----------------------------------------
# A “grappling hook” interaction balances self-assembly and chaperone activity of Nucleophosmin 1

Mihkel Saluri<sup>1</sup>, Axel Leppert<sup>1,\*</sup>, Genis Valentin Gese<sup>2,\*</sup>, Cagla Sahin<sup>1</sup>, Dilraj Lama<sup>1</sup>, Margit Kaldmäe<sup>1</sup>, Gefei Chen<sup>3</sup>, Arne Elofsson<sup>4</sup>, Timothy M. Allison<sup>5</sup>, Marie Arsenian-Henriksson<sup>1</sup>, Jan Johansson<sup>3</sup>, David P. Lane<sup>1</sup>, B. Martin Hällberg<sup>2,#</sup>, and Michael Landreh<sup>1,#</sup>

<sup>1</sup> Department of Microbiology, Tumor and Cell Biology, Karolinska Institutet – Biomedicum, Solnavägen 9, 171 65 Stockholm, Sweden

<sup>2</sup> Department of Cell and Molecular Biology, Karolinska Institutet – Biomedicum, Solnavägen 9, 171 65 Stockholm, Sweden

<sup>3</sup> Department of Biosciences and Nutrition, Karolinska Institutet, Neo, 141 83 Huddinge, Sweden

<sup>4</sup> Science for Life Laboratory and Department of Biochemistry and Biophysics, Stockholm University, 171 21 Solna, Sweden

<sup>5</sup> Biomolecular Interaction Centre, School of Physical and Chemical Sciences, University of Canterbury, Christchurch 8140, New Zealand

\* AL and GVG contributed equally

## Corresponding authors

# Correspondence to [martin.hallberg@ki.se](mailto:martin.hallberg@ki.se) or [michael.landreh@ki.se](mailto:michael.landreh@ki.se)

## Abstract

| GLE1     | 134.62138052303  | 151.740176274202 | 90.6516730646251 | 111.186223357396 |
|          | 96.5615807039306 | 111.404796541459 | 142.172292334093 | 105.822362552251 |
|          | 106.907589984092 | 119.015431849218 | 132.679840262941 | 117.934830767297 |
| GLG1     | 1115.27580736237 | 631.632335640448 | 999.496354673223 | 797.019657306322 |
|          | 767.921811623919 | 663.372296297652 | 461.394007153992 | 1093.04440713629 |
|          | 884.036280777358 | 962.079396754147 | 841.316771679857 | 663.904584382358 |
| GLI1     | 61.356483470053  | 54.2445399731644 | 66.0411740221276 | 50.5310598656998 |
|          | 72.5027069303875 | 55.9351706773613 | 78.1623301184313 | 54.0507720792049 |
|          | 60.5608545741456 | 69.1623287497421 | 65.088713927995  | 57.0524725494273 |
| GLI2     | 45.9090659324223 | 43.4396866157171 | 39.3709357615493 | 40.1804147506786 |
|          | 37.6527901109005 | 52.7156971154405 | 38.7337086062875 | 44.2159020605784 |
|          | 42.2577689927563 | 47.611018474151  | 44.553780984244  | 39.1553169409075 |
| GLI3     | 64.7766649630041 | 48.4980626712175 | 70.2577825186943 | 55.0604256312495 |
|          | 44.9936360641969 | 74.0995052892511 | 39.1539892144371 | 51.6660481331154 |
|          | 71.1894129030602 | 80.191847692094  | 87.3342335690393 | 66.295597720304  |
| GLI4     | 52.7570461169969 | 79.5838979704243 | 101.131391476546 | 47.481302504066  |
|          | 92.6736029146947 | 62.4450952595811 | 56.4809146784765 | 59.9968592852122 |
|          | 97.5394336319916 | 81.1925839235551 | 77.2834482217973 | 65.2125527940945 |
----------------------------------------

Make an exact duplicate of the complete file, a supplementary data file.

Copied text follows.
# A “grappling hook” interaction balances self-assembly and chaperone activity of Nucleophosmin 1

Mihkel Saluri<sup>1</sup>, Axel Leppert<sup>1,\*</sup>, Genis Valentin Gese<sup>2,\*</sup>, Cagla Sahin<sup>1</sup>, Dilraj Lama<sup>1</sup>, Margit Kaldmäe<sup>1</sup>, Gefei Chen<sup>3</sup>, Arne Elofsson<sup>4</sup>, Timothy M. Allison<sup>5</sup>, Marie Arsenian-Henriksson<sup>1</sup>, Jan Johansson<sup>3</sup>, David P. Lane<sup>1</sup>, B. Martin Hällberg<sup>2,#</sup>, and Michael Landreh<sup>1,#</sup>

<sup>1</sup> Department of Microbiology, Tumor and Cell Biology, Karolinska Institutet – Biomedicum, Solnavägen 9, 171 65 Stockholm, Sweden

<sup>2</sup> Department of Cell and Molecular Biology, Karolinska Institutet – Biomedicum, Solnavägen 9, 171 65 Stockholm, Sweden

<sup>3</sup> Department of Biosciences and Nutrition, Karolinska Institutet, Neo, 141 83 Huddinge, Sweden

<sup>4</sup> Science for Life Laboratory and Department of Biochemistry and Biophysics, Stockholm University, 171 21 Solna, Sweden

<sup>5</sup> Biomolecular Interaction Centre, School of Physical and Chemical Sciences, University of Canterbury, Christchurch 8140, New Zealand

\* AL and GVG contributed equally

## Corresponding authors

# Correspondence to [martin.hallberg@ki.se](mailto:martin.hallberg@ki.se) or [michael.landreh@ki.se](mailto:michael.landreh@ki.se)

## Abstract

| GLE1     | 134.62138052303  | 151.740176274202 | 90.6516730646251 | 111.186223357396 |
|          | 96.5615807039306 | 111.404796541459 | 142.172292334093 | 105.822362552251 |
|          | 106.907589984092 | 119.015431849218 | 132.679840262941 | 117.934830767297 |
| GLG1     | 1115.27580736237 | 631.632335640448 | 999.496354673223 | 797.019657306322 |
|          | 767.921811623919 | 663.372296297652 | 461.394007153992 | 1093.04440713629 |
|          | 884.036280777358 | 962.079396754147 | 841.316771679857 | 663.904584382358 |
| GLI1     | 61.356483470053  | 54.2445399731644 | 66.0411740221276 | 50.5310598656998 |
|          | 72.5027069303875 | 55.9351706773613 | 78.1623301184313 | 54.0507720792049 |
|          | 60.5608545741456 | 69.1623287497421 | 65.088713927995  | 57.0524725494273 |
| GLI2     | 45.9090659324223 | 43.4396866157171 | 39.3709357615493 | 40.1804147506786 |
|          | 37.6527901109005 | 52.7156971154405 | 38.7337086062875 | 44.2159020605784 |
|          | 42.2577689927563 | 47.611018474151  | 44.553780984244  | 39.1553169409075 |
| GLI3     | 64.7766649630041 | 48.4980626712175 | 70.2577825186943 | 55.0604256312495 |
|          | 44.9936360641969 | 74.0995052892511 | 39.1539892144371 | 51.6660481331154 |
|          | 71.1894129030602 | 80.191847692094  | 87.3342335690393 | 66.295597720304  |
| GLI4     | 52.7570461169969 | 79.5838979704243 | 101.131391476546 | 47.481302504066  |
|          | 92.6736029146947 | 62.4450952595811 | 56.4809146784765 | 59.9968592852122 |
|          | 97.5394336319916 | 81.1925839235551 | 77.2834482217973 | 65.2125527940945 |